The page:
SEIC built over 1000 pipeline river crossings, which has led to damage to salmon spawning rivers. SEIC has failed to construct 800 kilometers of parallel on-shore oil and gas pipelines simultaneously to reduce impact. Ineffective erosion control, unapproved stream diversion and sedimentation of rivers have damaged hundreds of salmon spawning rivers and tributaries. SEIC has revised its river crossings strategy but has failed to comply with the requirements of this strategy on a high percentage of sensitive rivers. Meanwhile, SEIC's pipeline design has failed to account for geohazards and river migration features of Sakhalin that will result in risks extending throughout the life of the project. NGO monitoring in October and December 2007 continued to find non-compliance with the required river-crossing and soil erosion management plans, raising concerns over the integrity of the pipeline system, especially in areas prone to seismic zones and landslides.
SEIC constructed one of the world’s largest liquid natural gas plant in the south of the island in Aniva Bay. In so doing, SEIC dredged the bay to deepen the access for tankers, and dumped the dredged materials in the middle of this fisheries-rich bay, refusing to dump the material in a less environmentally harmful location further out to sea. Fisheries have been disrupted, and SEIC did not accurately predict the impact on the bay ecosystem. SEIC did not adequately consult on the construction of a jetty in Aniva as required by Russian EIA law. The local shellfish beds suffered from damage from dumping of dredged material.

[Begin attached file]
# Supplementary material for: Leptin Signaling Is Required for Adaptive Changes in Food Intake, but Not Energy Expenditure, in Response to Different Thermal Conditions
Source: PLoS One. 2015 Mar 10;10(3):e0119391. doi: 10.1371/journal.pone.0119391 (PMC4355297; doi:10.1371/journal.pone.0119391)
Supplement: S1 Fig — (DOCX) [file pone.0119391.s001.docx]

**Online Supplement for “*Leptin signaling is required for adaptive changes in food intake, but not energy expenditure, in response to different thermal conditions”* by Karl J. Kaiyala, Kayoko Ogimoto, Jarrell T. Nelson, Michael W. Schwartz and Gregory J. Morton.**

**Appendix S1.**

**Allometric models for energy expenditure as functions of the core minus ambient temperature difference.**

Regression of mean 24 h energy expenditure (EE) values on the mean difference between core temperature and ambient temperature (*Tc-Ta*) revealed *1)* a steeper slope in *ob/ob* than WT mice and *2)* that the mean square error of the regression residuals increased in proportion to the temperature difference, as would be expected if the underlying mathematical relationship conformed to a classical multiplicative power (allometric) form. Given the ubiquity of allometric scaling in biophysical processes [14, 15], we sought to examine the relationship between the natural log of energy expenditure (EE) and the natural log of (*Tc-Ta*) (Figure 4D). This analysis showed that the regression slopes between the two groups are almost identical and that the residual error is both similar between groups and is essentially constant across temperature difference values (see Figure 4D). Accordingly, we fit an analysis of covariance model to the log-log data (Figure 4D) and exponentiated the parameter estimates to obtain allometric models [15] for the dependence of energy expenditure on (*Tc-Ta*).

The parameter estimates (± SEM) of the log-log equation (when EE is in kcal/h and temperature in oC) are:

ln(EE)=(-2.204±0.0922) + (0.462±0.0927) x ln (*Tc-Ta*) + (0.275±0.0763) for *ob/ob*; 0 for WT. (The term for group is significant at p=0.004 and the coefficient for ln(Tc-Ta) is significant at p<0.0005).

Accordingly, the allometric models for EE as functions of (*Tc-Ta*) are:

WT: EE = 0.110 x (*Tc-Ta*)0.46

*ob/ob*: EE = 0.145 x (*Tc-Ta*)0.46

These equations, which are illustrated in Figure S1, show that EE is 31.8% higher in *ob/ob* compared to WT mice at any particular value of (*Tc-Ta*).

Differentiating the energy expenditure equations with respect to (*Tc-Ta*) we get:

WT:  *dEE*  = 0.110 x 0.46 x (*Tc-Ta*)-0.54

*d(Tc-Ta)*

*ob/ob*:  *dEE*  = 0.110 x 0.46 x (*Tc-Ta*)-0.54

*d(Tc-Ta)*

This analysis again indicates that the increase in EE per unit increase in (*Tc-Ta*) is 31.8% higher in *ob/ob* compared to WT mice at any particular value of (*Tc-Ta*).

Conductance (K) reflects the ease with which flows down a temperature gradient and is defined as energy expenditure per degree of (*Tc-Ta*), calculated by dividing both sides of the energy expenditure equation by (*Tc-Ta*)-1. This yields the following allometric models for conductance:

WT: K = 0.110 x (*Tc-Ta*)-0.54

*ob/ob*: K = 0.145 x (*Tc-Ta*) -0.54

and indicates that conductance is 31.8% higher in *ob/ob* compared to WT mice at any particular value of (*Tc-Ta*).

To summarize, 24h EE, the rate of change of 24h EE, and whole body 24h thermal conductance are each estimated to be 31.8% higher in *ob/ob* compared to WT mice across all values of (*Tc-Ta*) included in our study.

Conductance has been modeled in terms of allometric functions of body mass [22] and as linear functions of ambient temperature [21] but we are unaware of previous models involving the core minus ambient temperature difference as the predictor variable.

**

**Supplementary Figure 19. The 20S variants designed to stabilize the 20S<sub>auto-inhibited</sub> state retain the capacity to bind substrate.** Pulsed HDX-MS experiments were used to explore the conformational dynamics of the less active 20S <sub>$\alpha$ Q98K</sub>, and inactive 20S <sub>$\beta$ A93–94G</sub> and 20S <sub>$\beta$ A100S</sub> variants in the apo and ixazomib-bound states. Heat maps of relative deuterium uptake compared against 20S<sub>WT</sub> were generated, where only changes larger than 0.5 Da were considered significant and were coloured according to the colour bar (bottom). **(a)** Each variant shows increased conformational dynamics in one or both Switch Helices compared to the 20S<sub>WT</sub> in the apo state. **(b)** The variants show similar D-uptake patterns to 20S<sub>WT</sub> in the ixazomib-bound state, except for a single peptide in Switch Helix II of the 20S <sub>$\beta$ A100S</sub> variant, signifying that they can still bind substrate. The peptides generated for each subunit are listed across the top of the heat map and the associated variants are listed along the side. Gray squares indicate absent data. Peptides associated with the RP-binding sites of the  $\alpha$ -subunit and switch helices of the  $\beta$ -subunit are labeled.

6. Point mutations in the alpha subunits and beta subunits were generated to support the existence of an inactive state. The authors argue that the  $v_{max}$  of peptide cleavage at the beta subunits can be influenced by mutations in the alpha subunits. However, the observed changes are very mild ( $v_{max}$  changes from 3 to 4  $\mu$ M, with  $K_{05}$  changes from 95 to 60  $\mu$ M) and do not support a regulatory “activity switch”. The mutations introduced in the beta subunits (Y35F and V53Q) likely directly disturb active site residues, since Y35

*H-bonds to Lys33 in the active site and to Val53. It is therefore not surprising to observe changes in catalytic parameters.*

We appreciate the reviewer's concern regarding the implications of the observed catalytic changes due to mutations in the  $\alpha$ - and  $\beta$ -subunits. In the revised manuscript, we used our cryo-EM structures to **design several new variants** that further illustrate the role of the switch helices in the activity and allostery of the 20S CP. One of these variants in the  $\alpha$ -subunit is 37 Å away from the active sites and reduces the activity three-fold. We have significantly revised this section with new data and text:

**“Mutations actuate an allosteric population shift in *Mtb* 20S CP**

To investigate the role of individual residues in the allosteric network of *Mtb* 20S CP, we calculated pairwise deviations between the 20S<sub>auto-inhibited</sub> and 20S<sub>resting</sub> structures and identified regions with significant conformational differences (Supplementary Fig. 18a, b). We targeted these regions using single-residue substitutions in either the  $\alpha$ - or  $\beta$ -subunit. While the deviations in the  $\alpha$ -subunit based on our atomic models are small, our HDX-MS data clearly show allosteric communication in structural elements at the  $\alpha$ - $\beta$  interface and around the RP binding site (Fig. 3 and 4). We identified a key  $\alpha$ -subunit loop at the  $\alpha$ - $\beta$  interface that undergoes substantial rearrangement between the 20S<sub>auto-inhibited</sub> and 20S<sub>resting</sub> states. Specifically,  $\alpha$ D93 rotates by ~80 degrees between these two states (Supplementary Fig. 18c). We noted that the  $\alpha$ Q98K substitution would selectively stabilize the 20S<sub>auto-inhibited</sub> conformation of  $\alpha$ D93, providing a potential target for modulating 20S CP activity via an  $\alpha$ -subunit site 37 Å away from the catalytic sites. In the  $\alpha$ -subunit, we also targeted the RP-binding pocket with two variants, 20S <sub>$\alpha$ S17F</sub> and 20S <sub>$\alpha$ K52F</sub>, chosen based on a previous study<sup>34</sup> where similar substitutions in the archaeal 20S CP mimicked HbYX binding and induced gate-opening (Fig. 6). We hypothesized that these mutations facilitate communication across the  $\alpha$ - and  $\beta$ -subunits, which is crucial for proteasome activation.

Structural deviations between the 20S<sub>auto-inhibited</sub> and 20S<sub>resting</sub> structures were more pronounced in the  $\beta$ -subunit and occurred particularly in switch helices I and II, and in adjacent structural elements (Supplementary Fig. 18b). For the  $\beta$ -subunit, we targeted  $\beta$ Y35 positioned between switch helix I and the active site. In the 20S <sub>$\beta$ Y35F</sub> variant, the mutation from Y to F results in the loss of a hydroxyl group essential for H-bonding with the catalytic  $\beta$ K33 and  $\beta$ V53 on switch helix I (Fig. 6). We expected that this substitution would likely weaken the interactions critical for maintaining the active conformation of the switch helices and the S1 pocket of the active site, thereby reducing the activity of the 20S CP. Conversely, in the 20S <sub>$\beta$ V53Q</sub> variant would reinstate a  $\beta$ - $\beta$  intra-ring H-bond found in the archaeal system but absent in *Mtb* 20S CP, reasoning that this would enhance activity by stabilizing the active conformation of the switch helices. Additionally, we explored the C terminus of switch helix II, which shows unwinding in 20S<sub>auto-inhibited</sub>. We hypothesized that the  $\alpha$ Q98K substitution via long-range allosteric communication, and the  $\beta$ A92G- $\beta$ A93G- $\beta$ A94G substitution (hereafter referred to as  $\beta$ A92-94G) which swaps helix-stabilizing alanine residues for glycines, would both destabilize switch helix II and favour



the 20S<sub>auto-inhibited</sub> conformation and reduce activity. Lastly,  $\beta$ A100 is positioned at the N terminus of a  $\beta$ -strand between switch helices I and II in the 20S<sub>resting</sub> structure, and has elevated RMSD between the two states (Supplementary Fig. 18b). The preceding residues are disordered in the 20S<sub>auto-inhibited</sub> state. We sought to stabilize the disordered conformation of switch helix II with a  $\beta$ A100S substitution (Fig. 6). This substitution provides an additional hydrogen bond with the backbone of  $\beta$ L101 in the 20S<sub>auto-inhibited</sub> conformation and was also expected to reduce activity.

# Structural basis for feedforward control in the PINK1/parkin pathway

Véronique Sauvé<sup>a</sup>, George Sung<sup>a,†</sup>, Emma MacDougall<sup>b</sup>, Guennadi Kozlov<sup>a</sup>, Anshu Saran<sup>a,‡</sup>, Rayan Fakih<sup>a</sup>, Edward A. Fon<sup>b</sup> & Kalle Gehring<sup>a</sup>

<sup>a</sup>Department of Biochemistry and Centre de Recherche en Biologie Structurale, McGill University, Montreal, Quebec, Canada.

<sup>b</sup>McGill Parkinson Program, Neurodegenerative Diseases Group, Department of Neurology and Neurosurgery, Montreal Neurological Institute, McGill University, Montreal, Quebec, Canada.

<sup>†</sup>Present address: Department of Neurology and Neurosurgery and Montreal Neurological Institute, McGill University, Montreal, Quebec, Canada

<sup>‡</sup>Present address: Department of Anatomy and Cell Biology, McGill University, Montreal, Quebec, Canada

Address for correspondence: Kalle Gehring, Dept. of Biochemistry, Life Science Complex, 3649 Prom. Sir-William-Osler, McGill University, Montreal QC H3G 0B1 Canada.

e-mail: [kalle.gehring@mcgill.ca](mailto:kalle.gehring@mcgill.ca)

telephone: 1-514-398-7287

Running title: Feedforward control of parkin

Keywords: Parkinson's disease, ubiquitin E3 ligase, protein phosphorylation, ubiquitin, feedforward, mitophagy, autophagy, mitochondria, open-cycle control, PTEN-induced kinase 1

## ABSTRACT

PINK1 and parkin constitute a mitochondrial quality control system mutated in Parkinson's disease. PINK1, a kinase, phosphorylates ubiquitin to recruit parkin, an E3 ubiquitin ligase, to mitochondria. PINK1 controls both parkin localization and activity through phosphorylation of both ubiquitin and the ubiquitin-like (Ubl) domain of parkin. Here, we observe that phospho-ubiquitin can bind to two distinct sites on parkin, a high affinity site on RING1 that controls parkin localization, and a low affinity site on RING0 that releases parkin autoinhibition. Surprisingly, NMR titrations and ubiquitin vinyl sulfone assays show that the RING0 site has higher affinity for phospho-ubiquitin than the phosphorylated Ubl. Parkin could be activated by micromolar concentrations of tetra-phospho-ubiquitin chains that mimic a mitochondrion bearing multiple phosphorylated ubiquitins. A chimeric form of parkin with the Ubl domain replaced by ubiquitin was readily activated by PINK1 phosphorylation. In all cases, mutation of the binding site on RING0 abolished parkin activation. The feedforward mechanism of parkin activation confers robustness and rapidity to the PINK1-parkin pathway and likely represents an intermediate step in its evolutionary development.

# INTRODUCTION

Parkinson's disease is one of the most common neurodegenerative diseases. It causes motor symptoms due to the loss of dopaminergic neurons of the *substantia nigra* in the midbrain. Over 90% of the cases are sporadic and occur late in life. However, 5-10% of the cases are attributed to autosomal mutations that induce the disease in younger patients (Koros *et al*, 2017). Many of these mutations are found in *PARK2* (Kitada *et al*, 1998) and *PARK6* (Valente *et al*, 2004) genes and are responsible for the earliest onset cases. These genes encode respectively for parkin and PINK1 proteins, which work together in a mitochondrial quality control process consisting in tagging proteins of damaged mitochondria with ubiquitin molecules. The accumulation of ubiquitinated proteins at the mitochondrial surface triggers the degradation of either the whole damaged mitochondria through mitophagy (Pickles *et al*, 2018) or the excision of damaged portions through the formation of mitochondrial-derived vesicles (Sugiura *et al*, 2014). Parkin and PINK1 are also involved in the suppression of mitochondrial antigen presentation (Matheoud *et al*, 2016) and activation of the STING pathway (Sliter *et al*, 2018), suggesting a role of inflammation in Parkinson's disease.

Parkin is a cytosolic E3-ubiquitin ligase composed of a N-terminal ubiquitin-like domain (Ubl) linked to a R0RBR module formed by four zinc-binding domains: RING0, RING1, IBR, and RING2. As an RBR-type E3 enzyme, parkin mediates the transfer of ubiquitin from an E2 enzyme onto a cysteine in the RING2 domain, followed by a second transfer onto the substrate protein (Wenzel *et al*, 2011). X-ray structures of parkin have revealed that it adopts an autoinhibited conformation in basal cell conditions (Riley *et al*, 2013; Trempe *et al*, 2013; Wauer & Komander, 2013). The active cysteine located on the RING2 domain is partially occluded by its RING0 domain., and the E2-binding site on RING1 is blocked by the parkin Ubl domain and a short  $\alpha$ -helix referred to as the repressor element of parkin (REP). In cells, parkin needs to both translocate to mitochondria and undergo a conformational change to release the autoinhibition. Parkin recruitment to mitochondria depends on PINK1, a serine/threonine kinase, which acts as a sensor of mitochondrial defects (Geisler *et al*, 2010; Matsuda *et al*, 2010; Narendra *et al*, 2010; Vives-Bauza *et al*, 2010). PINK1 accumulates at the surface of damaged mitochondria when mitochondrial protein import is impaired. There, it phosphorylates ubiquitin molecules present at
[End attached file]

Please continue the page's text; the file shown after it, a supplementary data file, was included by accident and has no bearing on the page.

The LNG facility, combines with LNG and oil export terminals comprise the Pregorodnoye Production Complex, the construction and operation of which has caused degredation of air quality, noise disturbance, damage and loss of access to local fishing and recreation resources, declines in agricultural productivity and decreases in community and road safety, and loss of land value for local dacha owners. Despite this displacement, SEIC has not resettled dacha owners in compliance with Russian law, international finance institution policies, and corporate committments.
In October, 2007, SEIC announced that a new consultant report for potential lenders gives the project a "clean bill of health." However, this report actually reveals amongst other things systematic and chronic violations of policies and standards of potential international lenders and, by extension, the Equator Principles. An NGO critique of this report is available in the 'documents' section of this profile.